You’re not the only one with the bright idea to get a low-priced, foreclosed home. Chances are good that there are a few other buyers interested in the property, which increases competition. Even though the home is listed at a big discount, this competition can still drive prices up. You might need to be ready to act fast, just the same as in any hot real estate market. 

7. Be Prepared to Wait

On the flip side, there’s a lot of extra bureaucracy involved in buying a foreclosed home once the seller accepts your offer. There’s often extra paperwork to fill out or other complications. 

For example, the home appraisal might come back lower than expected, which might make it harder to get enough financing for the agreed-on purchase price. If it’s a short sale, it might also take longer for the bank to approve the lower sale price for the home, based on what the homeowner’s mortgage is currently worth.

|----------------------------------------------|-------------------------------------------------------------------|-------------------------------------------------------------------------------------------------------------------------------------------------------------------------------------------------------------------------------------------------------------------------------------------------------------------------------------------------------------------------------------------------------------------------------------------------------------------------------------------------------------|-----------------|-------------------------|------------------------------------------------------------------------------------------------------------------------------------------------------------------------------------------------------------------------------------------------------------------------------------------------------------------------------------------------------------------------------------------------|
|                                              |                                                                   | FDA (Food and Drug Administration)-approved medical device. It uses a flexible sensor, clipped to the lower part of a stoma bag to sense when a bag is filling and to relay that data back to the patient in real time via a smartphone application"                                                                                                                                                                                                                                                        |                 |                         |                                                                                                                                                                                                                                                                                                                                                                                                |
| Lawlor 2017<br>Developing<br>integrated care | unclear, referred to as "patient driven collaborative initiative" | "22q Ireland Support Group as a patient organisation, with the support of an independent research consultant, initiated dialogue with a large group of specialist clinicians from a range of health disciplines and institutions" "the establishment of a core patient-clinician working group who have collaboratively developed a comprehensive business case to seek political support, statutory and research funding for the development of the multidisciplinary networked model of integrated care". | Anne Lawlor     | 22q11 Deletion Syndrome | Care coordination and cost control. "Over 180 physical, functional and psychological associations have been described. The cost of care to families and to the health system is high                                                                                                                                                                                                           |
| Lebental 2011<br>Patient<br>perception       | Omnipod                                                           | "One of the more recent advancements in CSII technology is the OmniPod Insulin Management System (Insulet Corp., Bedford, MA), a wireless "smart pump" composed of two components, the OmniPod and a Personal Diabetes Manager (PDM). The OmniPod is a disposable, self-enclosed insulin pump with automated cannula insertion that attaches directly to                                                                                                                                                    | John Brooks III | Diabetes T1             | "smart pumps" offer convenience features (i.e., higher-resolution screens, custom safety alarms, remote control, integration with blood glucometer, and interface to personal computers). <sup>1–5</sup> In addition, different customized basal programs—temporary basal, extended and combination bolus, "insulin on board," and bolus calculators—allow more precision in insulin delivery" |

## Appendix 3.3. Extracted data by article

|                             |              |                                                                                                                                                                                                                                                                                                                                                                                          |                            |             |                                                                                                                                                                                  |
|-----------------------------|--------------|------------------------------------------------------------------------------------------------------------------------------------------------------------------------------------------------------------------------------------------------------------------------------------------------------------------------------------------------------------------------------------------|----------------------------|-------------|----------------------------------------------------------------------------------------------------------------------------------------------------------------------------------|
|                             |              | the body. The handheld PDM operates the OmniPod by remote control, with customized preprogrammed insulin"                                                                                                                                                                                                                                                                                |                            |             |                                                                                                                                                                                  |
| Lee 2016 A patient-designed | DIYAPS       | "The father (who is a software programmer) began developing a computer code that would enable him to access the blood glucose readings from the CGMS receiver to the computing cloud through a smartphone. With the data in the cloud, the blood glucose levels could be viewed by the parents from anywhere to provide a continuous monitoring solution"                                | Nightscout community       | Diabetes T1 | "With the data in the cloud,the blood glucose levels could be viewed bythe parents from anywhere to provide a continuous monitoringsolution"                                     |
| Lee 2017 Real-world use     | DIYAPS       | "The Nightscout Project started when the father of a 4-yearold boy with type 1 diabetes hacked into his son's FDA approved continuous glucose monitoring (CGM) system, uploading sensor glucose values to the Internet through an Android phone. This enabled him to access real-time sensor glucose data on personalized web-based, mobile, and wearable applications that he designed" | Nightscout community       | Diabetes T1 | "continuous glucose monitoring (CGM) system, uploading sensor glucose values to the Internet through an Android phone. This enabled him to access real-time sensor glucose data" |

Pros and Cons of Foreclosed Homes 

Buying a foreclosed home isn’t necessarily a good or bad idea on its own. It all depends on your own goals — for example, are you willing to figure out financing for repairs to get a deal on the home purchase price? Also consider how important it is for you to have a “move-in ready” home with no hassle. 

Weigh these pros and cons carefully, and what’s most important to you when buying a home. 

Pros Cons
Can get a deal that’s lower than market price Property is sold “as-is” and might not be move-in ready
Can customize the home to your specifications with repairs and upgrades Likely needs a lot of repairs and upgrades 
Requires creative financing for repairs and upgrades
Foreclosure process is long and might fall through 

The Bottom Line

Buying a foreclosed home can be a win-win situation. You get a home at a good price, and (usually) you can bring the property back to good, working order by fixing it up. As long as you go into the deal knowing that it’s not the same experience as a typical home purchase, buying a foreclosed home is a great way to launch into homeownership or real estate investing.